INTERACTIVE: THE INTERACTIVE QUESTIONNAIRE

By MAIRI CLARK, campaignlive.co.uk, Friday, 15 December 1995 12:00AM

In blocking a FoE cinema ad, the ASA opened up the debate over regulating Net sites. Edited by Mairi Clark

In blocking a FoE cinema ad, the ASA opened up the debate over

regulating Net sites. Edited by Mairi Clark



In the light of Friends of the Earth placing a banned cinema ad on the

Internet, do you believe the Net should be regulated? If so, how could

this be implemented?



Friends of the Earth has never accepted that the Advertising Standards

Authority’s judgment was justified, and placing the ‘banned’

advertisement on the Internet was an effective way of getting around the

ASA’s restrictions and continuing to publicise our campaign to as wide

an international audience as possible. FoE does have concerns about the

uncensored nature of the Net. However, my personal view is that it

should remain self-regulating. This is the best way for it to continue

to stimulate debate, provide a wide range of information and, even more

importantly, to present an issue from all sides - not just the one that

the media, or a regulating body, feels fit to present.



Athena Lamnisos, Friends of the Earth, info@foe.co.uk



If the Net is to have any credibility as an advertising medium, those

who control access to it in this country must embrace the advertising

industry’s effective system of self-regulation. An advertisement may be

at the cutting edge of online, interactive creativity, but it is not

going to win any effectiveness awards if, ultimately, the consumer does

not trust it, for whatever reason. The advertising industry has already

extended the ASA’s codes to cover non-broadcast electronic media, and

our copy advice team regularly offers counsel to advertisers and

agencies before they go online. The ASA is also actively monitoring

advertising sites. It has already dealt effectively with complaints

about online ads and has the power to generate punitive negative

publicity. Plans are currently underway to help the medium to police

itself effectively.



Grahame Fowler, Advertising Standards Authority, capasa@easynet.co.uk



The Net is already regulated - but it is the ad hoc regulation of

corporate nervousness. On the whole, people have been very responsible.

This is mostly because regulators could step in at some point and they

will then face costly legislation. Groups such as FoE can exploit the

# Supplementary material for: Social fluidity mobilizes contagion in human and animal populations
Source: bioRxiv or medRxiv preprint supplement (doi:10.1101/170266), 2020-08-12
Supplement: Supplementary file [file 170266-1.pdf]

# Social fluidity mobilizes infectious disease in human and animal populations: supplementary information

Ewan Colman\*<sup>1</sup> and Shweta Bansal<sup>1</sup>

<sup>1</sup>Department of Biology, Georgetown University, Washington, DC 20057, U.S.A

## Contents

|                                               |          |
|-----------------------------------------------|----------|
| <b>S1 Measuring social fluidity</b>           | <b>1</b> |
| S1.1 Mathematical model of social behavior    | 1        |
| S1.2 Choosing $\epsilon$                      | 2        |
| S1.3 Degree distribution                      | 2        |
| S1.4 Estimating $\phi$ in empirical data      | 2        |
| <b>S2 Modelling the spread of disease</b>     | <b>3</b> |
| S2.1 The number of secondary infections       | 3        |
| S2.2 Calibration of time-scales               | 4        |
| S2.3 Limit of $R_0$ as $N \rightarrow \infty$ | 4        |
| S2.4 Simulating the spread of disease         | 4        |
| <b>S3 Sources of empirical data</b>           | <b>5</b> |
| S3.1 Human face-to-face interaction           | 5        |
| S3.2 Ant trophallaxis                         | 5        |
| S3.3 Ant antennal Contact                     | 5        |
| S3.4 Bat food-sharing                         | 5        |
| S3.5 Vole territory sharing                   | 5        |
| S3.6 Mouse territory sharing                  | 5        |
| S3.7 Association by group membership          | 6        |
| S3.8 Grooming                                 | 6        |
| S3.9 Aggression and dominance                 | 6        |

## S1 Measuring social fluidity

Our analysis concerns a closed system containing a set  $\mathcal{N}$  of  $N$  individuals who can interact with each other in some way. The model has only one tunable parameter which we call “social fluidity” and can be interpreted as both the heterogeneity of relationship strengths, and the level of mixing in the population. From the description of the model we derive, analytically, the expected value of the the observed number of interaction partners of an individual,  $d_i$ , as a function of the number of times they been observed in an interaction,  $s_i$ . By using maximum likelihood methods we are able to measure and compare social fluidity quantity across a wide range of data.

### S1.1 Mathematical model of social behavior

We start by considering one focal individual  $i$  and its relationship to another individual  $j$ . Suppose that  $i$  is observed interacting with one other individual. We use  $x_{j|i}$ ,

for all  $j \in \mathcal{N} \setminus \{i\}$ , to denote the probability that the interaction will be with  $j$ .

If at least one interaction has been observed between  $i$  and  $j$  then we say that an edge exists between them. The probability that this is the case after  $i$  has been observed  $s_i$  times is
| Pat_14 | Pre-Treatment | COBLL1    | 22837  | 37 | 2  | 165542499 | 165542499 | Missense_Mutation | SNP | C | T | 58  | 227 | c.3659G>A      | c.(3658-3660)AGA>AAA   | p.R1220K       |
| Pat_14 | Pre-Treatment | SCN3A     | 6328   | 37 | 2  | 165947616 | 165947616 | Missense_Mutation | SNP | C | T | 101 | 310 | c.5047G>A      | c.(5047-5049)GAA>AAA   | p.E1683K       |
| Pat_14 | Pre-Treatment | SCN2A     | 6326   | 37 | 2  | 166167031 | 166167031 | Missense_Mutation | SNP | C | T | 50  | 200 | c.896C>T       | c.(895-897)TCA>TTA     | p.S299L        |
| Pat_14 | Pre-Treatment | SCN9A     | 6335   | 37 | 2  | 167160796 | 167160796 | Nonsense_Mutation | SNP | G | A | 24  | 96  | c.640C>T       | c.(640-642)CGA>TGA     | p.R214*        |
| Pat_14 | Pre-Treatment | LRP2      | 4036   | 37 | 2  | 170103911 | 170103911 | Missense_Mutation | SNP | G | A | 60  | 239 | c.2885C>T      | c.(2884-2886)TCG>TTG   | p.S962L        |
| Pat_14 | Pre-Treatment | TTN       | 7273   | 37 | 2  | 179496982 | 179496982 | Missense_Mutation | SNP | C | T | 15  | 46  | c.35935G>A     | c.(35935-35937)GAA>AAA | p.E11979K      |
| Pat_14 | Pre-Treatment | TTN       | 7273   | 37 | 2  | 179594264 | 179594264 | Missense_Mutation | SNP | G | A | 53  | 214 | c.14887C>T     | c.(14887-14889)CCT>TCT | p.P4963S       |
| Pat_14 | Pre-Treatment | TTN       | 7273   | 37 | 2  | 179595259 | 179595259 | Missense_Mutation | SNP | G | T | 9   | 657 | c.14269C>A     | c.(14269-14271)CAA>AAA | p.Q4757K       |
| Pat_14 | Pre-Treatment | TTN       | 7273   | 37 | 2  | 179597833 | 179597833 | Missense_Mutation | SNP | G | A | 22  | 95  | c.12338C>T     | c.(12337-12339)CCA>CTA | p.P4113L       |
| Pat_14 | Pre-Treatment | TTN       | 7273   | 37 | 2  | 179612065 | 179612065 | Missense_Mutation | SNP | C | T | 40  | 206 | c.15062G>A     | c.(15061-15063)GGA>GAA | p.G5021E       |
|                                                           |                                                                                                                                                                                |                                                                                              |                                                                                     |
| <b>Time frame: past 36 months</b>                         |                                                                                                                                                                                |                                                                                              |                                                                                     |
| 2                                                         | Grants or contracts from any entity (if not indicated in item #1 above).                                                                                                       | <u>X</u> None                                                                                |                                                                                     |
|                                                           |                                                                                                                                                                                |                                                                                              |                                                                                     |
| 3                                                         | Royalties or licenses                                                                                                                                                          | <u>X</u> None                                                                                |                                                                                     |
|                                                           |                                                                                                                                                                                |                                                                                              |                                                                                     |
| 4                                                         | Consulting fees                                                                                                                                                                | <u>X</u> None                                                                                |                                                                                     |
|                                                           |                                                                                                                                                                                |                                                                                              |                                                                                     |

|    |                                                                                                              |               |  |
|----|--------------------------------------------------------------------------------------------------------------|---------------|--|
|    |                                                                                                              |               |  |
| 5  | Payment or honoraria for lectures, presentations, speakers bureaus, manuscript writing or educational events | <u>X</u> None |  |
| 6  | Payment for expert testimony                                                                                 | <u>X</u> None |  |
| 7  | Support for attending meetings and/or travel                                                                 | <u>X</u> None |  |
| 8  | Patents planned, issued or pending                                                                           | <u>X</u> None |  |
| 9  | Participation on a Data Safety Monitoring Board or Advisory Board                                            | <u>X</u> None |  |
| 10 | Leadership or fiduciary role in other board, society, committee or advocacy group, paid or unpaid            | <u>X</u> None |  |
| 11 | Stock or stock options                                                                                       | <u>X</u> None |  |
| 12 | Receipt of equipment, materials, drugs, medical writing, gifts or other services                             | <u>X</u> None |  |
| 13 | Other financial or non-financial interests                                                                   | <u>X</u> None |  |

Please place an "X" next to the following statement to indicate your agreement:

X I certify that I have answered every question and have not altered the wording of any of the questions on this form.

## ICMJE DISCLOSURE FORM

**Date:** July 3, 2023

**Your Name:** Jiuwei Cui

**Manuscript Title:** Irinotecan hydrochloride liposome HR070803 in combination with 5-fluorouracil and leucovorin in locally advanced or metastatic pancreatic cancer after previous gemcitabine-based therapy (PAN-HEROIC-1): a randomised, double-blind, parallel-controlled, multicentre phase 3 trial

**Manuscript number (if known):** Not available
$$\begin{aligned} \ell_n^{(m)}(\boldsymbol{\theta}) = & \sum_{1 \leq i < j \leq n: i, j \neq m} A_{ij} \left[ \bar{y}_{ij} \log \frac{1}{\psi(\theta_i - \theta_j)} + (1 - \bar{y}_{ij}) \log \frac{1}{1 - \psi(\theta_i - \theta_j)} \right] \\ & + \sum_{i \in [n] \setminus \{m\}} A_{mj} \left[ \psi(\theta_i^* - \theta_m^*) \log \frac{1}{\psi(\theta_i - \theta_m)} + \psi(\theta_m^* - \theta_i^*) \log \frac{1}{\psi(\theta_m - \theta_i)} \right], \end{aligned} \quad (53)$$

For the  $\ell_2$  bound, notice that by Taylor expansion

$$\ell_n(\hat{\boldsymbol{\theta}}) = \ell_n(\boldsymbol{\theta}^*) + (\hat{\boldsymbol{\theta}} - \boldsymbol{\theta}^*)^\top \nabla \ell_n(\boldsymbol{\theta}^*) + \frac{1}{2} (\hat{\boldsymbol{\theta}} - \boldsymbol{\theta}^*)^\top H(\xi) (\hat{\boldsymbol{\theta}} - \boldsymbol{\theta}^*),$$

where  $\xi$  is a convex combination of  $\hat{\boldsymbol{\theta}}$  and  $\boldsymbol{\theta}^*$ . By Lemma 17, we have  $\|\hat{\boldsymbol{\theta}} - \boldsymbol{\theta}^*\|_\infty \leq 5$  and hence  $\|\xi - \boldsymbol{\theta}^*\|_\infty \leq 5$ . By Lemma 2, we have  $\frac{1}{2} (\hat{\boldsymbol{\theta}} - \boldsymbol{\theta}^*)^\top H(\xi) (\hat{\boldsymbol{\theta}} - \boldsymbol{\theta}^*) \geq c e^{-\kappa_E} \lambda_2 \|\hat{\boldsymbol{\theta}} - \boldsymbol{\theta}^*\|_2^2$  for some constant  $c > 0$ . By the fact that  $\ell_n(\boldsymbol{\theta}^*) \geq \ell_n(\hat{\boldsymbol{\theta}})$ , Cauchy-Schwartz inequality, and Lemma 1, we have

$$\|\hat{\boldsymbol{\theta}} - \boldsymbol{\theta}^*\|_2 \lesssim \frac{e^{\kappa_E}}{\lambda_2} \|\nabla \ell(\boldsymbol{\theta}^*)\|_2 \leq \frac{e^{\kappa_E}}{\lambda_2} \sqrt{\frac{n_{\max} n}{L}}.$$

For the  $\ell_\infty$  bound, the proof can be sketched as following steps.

legislative vacuum. But no-one sees their advertising unless they want

to and if anyone’s seriously troubled by it they can always sue. There

are far more disturbing things available if you look in

alt.sex.winston.fletcher.



Russell Davies, Leo Burnett, russell_davies@london.leoburnett.com



Regulating the Net is an impossible task. It is like trying to regulate

what people are allowed to imagine. The raw material of the Net is ideas

and thoughts, and human beings can stretch these from the heights of

genius to the depths of depravity. Nevertheless, there will always be

some people who want to decide what we can, and cannot, think and

imagine. Traditionally, we have dealt with these people by putting them

in a big building on the banks of the Thames and letting them believe

they are running the country. This method is tried and tested and has

worked well in this country for hundreds of years. I’m sure the Net can

incorporate a similar type of system.



Dave Swindlehurst, the Hub, dave@hubcom.demon.co.uk



The Net is already served by current legislation. The challenge facing

society results from the medium knowing no boundaries. There is a lot of

confusion about how national laws should be put into effect when data

traffic crosses borders. The floodgates are opening to allow information

to move easily around the world and be picked up by anyone who wants to

consume it. This is fundamentally democratic and positive.



Paul Syrysko, Stream, paul@stream.cityscape. co.uk



The desire to regulate should be held in abeyance, unless there is very

strong evidence to show that existing laws are insufficient to prevent,

or punish, commercial misuse of the Net. Fraudulent use of the Net is

covered by legislation.



Andrew McIntosh, Abbott Mead Vickers BBDO, amcintosh@amvbbdo.co.uk



This article was first published on campaignlive.co.uk

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